31. If you have a smartphone with poor battery life (did someone say iPhone?), carry an emergency cell phone charger with you. Turbo Charge by Voxred International ($20) or Energi to Go by Energizer ($25, but it lasts longer).
32. FavBackup 2.0.2: If you’re like us, then you probably have multiple browsers installed on your computer. If you’re looking at upgrading your computer to Windows 7, this tool provides an easy way to back up and restore your web browser settings and other data. FavBackup (www.favbrowser.com/backup) is a free utility and supports Internet Explorer 6–8; FireFox 2, 3, 3.5, 3.6 and 3.7; Opera 9, 10, 10.5 and 10.6; Safari 3 and 4; and Google Chrome 1–6.
33. What used to be the Maxtor One Touch is now the Seagate FreeAgent (what marketing genius thought of that one?). But it is still the one touch and the easiest way to back up your computer to an external hard drive. $99.99 on the site (www.seagate.com/www/en-us/products/external/freeagent/free agent_desk), but there’s a helpful comparison button where (as of this writing) you can get it for $79.99 at Best Buy and Staples. Lots of portable products from this manufacturer as well.
34. YouSendIt (www.yousendit.com). Transmit large file attachments without charge. The free offering is called Lite and can transmit an attachment that is up to 100 MB in size. There are premium versions as well. Because a lot of ISPs limit the size of attachments, YouSendIt is a great alternative to “push” the occasional large attachment.
35. How do you manage Twitter? We use TweetDeck, a free utility that helps you organize Twitter and those you are following. You follow specific subjects, see who retweets your tweets or mentions you, direct message followers, etc. TweetDeck requires the installation of Adobe Air, which needs full administrative access to your hard disk. It is available at http://tweetdeck.com.
36. Evernote (www.evernote.com) makes it easy to remember things big and small, allowing you to capture everything you see when using your computer, cell phone, or other mobile device. Using the program, you can clip a web page, snap a photo, or grab a screenshot, and upload it to Evernote. Once uploaded, everything you capture is automatically processed, indexed, and made searchable. Evernote can integrate with your web browser, or you can install a small application on both Mac OS X and Windows-based computers, or your iPhone, iPod Touch, BlackBerry, Palm Pre, or Windows Mobile smartphone.
37. Copy2Contact. This used to be Anagram (does anything stay the same in legal tech?). This allows you to capture contact information from e-mails. It also allows you to turn the e-mail into a task or a calendar entry. There’s a free 14-day trial and it’s $39.95 to buy.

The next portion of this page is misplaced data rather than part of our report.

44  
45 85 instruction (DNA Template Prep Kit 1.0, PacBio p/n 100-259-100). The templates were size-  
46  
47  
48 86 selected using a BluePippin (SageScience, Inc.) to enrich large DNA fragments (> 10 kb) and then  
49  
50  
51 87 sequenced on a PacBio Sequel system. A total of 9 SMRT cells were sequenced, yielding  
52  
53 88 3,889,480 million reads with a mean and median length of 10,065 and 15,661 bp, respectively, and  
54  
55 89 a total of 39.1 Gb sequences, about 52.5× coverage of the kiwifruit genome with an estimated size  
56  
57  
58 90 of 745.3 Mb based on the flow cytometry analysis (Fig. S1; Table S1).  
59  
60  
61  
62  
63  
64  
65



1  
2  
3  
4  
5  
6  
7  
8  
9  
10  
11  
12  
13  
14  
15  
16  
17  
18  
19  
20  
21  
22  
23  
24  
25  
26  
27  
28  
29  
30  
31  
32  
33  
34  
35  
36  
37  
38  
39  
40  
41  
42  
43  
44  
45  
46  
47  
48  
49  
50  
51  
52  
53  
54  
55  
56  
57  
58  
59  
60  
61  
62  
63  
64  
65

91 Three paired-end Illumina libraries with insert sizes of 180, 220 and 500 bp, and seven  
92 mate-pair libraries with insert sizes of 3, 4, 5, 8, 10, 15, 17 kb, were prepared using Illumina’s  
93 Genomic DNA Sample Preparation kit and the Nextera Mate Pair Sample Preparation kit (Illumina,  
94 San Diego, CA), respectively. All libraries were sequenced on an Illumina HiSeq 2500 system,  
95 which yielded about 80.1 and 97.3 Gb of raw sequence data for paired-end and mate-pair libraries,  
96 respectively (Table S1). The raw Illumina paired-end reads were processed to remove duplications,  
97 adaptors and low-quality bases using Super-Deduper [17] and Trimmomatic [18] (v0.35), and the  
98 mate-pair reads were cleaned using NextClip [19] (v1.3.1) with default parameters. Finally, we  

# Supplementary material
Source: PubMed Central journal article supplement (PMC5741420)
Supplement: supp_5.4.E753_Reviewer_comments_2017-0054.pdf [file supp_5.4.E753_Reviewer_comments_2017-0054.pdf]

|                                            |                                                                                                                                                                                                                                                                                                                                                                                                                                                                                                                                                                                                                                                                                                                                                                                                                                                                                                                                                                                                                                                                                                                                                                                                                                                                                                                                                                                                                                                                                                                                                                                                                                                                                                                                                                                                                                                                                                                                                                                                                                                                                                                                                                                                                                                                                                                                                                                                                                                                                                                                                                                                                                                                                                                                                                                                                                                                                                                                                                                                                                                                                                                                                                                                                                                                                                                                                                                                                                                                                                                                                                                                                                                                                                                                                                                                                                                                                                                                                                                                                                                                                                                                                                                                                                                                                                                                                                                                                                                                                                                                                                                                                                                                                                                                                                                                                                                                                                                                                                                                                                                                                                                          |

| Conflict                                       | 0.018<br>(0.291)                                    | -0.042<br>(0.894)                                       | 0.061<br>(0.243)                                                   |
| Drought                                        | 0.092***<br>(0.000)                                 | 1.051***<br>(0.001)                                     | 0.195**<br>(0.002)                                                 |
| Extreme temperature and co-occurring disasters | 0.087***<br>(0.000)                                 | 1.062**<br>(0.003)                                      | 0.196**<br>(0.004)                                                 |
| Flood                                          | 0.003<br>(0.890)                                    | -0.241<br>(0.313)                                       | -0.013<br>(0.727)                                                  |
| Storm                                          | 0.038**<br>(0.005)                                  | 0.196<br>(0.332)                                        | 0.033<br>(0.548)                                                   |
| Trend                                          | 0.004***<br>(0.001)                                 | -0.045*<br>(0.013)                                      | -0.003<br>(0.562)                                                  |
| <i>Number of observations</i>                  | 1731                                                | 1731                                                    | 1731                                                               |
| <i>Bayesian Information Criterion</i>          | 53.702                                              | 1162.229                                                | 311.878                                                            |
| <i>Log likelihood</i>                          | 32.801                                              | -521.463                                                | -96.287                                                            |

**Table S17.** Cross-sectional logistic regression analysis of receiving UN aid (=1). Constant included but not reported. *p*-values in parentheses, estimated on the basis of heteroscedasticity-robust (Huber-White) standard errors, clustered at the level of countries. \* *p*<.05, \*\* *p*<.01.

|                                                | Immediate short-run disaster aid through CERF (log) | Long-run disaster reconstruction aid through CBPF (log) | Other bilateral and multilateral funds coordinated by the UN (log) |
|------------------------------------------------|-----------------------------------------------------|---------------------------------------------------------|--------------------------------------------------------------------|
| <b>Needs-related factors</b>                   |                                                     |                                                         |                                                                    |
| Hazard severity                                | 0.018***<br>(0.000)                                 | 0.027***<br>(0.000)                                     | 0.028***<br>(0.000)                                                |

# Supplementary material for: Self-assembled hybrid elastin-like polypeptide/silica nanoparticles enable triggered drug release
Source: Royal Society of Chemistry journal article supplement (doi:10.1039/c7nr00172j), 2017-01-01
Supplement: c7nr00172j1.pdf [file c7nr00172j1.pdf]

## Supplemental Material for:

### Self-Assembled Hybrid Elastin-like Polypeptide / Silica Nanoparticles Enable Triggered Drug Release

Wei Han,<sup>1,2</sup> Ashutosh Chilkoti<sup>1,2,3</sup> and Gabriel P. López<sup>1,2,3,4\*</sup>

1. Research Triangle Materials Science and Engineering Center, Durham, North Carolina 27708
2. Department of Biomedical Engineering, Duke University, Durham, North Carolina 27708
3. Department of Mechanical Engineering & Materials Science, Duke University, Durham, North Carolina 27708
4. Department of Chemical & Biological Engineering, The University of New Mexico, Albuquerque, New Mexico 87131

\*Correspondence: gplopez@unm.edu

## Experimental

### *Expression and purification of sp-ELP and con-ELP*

38. What do we like for an all-inclusive security package? Kaspersky is a good choice. Try Kaspersky Internet Security 2011 at http://usa.kaspersky.com/products-services.
39. Books are not antiquated, outmoded objects. We love our Kindle on a cruise (carrying tons of book on that small device is sweet), but settling in with a book at home in front of the fire is still a great experience. No TV, no computer, no smartphone—this will actually enhance your learning and therefore your productivity.
40. Google for Lawyers is a remarkable new book by legal tech experts Carole A. Levitt and Mark E. Rosch (ABA 2010). You have no idea what Google can do for free until you read this book.
41. Virtual lawyering is booming, and no wonder. With jobs scarce, smart solos are leveraging the cost savings of virtual lawyering to begin their law practices. An excellent resource is Virtual Law Practice: How to Deliver Legal Services Online by Stephanie L. Kimbro (ABA 2010).
42. If you’re headed for the mid- to large law firm world and want to be ready, read Michael Downey’sIntroduction to Law Firm Practice (ABA 2010). You’ll be more knowledgeable and productive from day one.
43. Social Media for Lawyers: The Next Frontier by Carolyn Elefant and Nicole Black (ABA 2010) is a good way to get a 10,000-foot overview of this new frontier.
44. Why does the iPad get its own section? Because it’s a phenomenon. We don’t own one, but did that did stump us? Heck, no. We just turned to buddy and legal technologist extraordinare Tom Mighell, an iPad aficionado and begged. He obligingly provided us with a list of his favorite iPad apps. They are: Pages, Penultimate, SmartNote, WritePad, Elements, Office HD, Evernote, Instapaper, Fastcase, Expensify, Dragon Dictation, Dropbox, Mindmeister, and GoToMeeting.
45. Want more? Check out Gizmodo’s Essential iPad apps at http://gizmodo.com/5507569/gizmodos-essential-ipad-apps.
46. Have you wondered how lawyers are effectively using their iPad in court. Check out Craig Ball’s article on this topic at www.eddupdate.com/2010/07/ipad-in-court.html.
47. Another superb legal technologist, Brett Burney, adds this one: Compass iPad stand from Twelve South: http://twelve
south.com/products/compass. Beautifully designed for function and portability.
Hot, New, and Useful
48. The MacBook Air 11”. To our friend and Apple fanboy Brett Burney, this is the perfect balance of size and power. It’s basically the Apple netbook. So tiny, so portable, and so Mac. If its initial debut bugs get worked out, it’s a keeper.
49. Legal Talk Network has really gathered steam in the last year; it now has hundreds of free podcasts on all imaginable legal subjects at your fingertips, including the authors’ own Digital Detectives podcast. Learn while you drive, exercise, etc.
50. Get Acrobat X for less. Buy Acrobat 7 Standard on eBay for $45 to $80. Upgrade on Adobe’s site to Acrobat X Pro. You could get the software for $244 instead of the retail price of $449.
There you have it. Go forth, be productive, and save money at the same time
Sharon D. Nelson and John W. Simek are the president and vice president of Sensei Enterprises., Inc., a legal technology, computer forensics, and information technology firm based in Fairfax, Virginia.